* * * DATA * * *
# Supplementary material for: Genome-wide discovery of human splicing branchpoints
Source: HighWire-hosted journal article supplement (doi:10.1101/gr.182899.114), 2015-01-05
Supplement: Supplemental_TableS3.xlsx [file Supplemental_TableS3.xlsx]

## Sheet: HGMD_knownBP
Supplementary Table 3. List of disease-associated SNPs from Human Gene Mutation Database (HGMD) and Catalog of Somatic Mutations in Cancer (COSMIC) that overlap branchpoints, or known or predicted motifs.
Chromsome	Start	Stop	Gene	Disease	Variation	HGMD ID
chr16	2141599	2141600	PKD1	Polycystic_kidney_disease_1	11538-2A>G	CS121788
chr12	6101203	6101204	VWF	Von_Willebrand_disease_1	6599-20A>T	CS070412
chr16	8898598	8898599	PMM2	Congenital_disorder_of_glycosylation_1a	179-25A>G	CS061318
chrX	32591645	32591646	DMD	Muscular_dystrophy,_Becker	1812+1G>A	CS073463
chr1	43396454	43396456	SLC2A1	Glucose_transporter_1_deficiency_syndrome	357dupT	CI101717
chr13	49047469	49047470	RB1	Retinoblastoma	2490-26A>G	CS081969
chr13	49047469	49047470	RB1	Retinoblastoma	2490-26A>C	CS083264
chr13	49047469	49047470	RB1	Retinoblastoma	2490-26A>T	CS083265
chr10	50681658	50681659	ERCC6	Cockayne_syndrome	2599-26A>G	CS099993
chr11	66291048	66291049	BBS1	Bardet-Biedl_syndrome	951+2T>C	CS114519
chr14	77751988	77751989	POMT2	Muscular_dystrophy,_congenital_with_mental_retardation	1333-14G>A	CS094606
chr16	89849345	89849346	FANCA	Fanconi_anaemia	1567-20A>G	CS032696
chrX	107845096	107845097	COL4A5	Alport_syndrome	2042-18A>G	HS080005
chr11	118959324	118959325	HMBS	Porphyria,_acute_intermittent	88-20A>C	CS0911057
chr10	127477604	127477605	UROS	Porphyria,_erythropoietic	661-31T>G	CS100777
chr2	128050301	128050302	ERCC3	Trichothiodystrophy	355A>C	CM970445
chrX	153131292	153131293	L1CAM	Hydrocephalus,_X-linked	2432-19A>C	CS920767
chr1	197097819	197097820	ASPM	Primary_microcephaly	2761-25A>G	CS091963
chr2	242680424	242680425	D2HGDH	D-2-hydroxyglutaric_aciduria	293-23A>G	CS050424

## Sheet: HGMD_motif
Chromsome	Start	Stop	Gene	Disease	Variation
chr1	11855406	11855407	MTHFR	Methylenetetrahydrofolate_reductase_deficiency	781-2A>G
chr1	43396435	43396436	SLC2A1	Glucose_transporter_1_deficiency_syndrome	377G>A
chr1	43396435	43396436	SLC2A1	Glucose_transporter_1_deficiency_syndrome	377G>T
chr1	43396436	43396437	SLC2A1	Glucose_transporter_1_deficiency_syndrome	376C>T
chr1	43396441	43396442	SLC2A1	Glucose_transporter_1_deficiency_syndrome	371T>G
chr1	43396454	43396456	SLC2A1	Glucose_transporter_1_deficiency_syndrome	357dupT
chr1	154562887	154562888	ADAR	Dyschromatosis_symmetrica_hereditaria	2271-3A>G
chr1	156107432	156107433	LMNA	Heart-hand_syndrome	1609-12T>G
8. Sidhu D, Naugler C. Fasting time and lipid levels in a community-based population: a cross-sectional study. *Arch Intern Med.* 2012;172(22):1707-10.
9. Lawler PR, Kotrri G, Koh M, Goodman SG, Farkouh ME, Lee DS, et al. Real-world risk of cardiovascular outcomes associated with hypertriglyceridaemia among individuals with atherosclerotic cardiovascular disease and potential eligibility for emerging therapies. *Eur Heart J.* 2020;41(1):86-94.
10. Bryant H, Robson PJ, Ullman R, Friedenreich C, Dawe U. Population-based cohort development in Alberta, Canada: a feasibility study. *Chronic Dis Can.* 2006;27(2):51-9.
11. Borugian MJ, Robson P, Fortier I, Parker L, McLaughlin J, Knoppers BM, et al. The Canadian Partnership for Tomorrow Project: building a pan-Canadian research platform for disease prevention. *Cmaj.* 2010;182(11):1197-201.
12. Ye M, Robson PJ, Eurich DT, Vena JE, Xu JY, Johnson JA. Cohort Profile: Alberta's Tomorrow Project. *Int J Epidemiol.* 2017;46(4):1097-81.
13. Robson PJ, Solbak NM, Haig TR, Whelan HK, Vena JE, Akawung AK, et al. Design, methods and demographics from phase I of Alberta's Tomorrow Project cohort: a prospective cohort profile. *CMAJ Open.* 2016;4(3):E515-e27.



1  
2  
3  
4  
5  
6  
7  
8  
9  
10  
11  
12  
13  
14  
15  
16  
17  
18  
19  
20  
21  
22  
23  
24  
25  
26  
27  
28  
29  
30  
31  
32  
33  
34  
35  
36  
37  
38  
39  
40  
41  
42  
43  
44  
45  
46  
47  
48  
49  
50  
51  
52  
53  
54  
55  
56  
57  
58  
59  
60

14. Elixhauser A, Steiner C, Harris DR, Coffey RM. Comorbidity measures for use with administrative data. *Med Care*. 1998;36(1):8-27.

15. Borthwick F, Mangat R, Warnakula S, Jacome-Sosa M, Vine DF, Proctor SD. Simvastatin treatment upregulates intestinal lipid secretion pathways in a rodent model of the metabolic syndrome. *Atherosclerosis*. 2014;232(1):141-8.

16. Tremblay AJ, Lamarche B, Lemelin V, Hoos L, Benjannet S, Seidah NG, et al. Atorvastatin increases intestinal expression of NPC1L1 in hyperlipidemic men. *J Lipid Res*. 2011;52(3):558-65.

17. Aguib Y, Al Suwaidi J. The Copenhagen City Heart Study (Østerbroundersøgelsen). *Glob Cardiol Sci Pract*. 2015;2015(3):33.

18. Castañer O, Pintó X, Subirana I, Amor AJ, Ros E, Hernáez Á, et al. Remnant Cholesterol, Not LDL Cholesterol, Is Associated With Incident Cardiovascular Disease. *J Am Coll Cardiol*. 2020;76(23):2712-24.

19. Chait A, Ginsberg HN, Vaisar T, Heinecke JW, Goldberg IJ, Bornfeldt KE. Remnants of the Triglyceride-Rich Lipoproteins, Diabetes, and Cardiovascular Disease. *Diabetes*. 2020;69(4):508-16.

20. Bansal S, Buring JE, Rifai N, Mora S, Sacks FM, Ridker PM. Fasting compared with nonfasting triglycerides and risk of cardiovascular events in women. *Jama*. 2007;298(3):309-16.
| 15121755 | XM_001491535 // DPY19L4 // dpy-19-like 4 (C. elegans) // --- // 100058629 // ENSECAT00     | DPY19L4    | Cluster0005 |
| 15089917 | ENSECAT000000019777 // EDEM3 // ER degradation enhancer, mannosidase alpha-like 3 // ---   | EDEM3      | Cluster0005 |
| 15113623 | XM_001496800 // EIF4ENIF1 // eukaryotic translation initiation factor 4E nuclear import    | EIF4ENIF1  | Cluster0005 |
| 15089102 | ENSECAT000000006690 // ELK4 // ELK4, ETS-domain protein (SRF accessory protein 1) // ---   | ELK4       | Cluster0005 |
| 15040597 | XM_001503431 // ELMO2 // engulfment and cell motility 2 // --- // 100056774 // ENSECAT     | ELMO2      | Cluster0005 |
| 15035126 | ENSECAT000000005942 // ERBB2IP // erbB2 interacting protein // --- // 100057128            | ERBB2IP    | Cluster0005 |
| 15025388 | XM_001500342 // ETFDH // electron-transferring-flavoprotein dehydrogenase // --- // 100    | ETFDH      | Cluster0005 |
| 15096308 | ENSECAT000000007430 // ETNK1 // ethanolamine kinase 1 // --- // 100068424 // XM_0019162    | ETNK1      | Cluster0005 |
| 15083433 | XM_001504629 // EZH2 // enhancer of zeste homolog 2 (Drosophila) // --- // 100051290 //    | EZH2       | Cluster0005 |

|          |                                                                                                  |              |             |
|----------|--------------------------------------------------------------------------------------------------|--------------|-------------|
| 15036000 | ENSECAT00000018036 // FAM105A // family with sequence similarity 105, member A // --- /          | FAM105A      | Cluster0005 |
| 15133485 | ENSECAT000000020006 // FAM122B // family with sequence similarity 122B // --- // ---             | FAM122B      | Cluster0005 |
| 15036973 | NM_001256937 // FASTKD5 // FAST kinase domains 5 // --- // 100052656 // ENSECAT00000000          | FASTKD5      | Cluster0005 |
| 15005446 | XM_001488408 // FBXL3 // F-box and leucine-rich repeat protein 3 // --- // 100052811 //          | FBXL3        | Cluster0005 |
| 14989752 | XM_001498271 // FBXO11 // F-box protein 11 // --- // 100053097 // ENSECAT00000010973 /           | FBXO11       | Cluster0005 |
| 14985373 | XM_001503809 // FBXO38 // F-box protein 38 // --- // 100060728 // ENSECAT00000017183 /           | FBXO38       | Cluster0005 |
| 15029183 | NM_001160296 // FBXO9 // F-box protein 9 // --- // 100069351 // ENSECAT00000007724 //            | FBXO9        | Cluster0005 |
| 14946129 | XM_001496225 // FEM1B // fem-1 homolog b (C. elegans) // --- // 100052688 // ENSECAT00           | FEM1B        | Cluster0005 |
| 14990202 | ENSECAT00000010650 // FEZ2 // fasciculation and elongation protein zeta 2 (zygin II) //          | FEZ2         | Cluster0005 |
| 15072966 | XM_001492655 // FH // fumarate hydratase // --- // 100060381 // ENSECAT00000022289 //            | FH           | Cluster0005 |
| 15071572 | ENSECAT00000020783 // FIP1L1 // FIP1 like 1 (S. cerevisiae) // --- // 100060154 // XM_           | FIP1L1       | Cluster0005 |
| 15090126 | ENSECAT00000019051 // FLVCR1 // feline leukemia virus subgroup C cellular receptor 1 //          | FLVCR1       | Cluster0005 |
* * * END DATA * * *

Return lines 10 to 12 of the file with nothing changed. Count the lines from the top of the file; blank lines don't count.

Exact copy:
chrX	32591645	32591646	DMD	Muscular_dystrophy,_Becker	1812+1G>A	CS073463
chr1	43396454	43396456	SLC2A1	Glucose_transporter_1_deficiency_syndrome	357dupT	CI101717
chr13	49047469	49047470	RB1	Retinoblastoma	2490-26A>G	CS081969